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Rail still has a lot of story to tell and a bright future, according to an industry veteran.
Locomotive engineer Trevor Gullery, from Picton, started at the rail yards in the mid 60's driving steam trains.
Fifty years later and though the industry, the owners and the technology had changed around him, he still enjoyed climbing into the cockpit of a loco. "It's a job," Gullery said.
He had never been a foamer, "when people foamed at the mouth over trains", he joined the industry because he saw rail as a safe job.
Gullery in the cabin of a locomotive. He has been driving trains for nearly four decades.
He worked his way up the ladder, spending two years as a cleaner in the steam sheds and seven years as a fireman before sitting his second-grade driver's ticket.
After four years, he was able to sit his first-grade drivers ticket. "Of course, today, it's totally different," he said.
He spent his early career in Christchurch and Auckland before an opportunity in Kaikoura came up where he spent several years.
A JA-class steam train 1240 racing through Templeton on the outskirts of Christchurch on the daily South Express in 1971. Trains such as this were what Gullery trained on.
Gullery was then offered a position in Picton for "a couple of years", coming full circle back to his home town, and he never left.
He got involved in yachting and met his wife, Deb. He said Picton was a good place to bring up kids.
"The industry used to be hugely different," Gullery said.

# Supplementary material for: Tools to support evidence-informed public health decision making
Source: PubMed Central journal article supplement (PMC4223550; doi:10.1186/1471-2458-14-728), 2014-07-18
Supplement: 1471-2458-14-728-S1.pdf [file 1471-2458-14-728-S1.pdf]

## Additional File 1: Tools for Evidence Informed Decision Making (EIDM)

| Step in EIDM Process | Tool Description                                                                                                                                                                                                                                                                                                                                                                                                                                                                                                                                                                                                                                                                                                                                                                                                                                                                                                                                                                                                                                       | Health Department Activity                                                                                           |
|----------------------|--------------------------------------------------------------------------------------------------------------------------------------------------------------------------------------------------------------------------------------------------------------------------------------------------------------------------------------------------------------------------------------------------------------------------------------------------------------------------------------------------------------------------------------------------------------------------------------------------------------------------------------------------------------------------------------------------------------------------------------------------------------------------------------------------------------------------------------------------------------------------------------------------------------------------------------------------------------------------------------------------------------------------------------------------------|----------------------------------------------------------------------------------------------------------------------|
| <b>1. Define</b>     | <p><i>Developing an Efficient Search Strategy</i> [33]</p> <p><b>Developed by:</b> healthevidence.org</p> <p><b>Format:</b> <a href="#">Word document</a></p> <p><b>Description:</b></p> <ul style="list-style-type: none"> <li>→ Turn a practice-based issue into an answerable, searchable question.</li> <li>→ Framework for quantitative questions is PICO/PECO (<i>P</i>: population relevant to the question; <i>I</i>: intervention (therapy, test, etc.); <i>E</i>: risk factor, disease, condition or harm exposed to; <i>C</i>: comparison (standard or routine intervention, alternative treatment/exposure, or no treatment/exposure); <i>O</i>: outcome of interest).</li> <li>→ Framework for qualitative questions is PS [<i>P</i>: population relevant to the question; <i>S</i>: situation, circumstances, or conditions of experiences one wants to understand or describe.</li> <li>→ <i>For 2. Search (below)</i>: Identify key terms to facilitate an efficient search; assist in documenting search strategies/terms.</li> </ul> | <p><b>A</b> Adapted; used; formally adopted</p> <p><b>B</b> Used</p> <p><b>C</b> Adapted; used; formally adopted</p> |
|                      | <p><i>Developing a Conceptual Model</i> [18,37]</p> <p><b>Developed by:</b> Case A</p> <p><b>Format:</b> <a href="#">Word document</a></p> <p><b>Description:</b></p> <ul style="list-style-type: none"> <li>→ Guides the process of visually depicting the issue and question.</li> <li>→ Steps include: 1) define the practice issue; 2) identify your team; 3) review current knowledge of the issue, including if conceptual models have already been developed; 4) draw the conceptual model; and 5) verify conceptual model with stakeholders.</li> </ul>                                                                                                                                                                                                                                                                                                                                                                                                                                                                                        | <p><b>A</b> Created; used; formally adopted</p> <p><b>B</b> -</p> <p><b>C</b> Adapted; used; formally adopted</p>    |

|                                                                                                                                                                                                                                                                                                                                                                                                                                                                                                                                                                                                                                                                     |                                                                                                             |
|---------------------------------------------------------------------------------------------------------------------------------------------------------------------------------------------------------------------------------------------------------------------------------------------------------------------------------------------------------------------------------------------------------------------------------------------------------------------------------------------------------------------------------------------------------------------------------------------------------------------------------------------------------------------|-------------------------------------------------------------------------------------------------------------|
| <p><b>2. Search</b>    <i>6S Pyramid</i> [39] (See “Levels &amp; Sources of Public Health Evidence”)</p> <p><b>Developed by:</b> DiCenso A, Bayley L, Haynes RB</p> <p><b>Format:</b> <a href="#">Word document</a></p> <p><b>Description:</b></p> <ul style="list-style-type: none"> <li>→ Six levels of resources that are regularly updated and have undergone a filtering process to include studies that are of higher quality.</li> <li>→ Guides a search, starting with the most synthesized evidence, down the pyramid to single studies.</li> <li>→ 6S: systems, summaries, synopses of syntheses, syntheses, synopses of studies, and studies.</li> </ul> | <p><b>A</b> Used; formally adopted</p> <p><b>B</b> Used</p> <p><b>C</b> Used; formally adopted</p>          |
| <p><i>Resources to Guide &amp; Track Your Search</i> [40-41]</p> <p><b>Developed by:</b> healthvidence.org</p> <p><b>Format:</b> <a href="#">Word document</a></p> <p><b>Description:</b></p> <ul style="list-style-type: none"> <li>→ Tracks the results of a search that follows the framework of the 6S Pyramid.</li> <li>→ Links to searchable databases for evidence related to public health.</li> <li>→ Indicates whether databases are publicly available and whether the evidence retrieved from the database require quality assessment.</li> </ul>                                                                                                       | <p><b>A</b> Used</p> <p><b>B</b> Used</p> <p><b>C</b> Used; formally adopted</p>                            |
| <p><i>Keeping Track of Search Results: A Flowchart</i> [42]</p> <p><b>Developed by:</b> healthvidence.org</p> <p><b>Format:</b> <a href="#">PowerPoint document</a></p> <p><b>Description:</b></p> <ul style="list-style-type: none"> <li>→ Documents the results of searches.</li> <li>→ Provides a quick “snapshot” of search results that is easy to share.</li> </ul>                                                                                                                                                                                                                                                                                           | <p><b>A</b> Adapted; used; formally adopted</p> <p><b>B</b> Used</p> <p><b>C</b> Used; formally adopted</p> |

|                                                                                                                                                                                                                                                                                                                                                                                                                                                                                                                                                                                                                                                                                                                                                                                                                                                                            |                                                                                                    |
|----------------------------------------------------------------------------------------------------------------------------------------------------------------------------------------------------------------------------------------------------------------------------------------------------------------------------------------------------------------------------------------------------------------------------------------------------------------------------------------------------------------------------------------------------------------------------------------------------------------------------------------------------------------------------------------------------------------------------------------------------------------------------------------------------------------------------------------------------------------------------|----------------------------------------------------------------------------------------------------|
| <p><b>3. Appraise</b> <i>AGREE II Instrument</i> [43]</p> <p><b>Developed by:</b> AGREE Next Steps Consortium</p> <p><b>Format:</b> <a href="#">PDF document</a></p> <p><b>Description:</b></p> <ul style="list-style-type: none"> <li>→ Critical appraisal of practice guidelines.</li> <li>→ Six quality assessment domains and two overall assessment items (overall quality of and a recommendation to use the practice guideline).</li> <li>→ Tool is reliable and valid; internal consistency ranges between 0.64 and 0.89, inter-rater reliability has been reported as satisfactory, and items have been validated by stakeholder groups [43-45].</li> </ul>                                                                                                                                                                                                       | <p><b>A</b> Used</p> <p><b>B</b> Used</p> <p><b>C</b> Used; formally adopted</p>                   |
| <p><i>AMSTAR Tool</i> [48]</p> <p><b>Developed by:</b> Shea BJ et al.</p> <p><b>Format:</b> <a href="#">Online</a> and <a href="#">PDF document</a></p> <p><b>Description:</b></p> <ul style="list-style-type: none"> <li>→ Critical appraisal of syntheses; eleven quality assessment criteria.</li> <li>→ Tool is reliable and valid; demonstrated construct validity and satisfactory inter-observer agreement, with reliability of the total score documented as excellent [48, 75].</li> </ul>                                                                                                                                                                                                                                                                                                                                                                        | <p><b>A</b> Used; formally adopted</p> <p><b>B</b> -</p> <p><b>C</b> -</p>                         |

"With steam, you had two engineers in the cab and you had guards on the back of the train.
"They also took longer to get anywhere.
"We always had guards to watch for 'hot-box' fires. There were no mirrors either so the guards would watch out the back and they would clip passengers tickets.
"In the modern day, passenger trains have train managers rather than guards," he said.
He said rail will be around for a long time yet, one of rail's biggest customers were the freight companies because, "they can't get enough trucks on the road."
The controls inside a JA class steam locomotive, a nostalgic sight for Gullery.
After the 2016 Kaikoura earthquake rail was bought to a screeching halt, and it still hadn't quite recovered.
The quake destroyed road and rail along the coast and completely stopped trains coming out of Picton, but there's light at the end of the tunnel. Day trains had restarted along the line on October 9.
"They've done a fantastic job to get it open,' Gullery said. "What NCTIR are doing is really good."
The JA class of steam locomotives remained Gullery's favourite train, although he claims he's not a 'foamer'.
"It's slow going along the coast because of stopping distances and track conditions. They still have spotters on slips and alarms on fences. But they've made it as safe for us as possible.
However, Gullery had a warning for the people of Marlborough who may have grown complacent about the level crossings.
"People have been going across these level crossings for a few years now with nothing there, and they say familiarity breeds contempt," he said.
"There's something there now."
The first daytime freight trains for two years between Blenheim and Christchurch have started. A big change from trains only running at night, so motorists and pedestrians beware.
This article first appeared on www.stuff.co.nz
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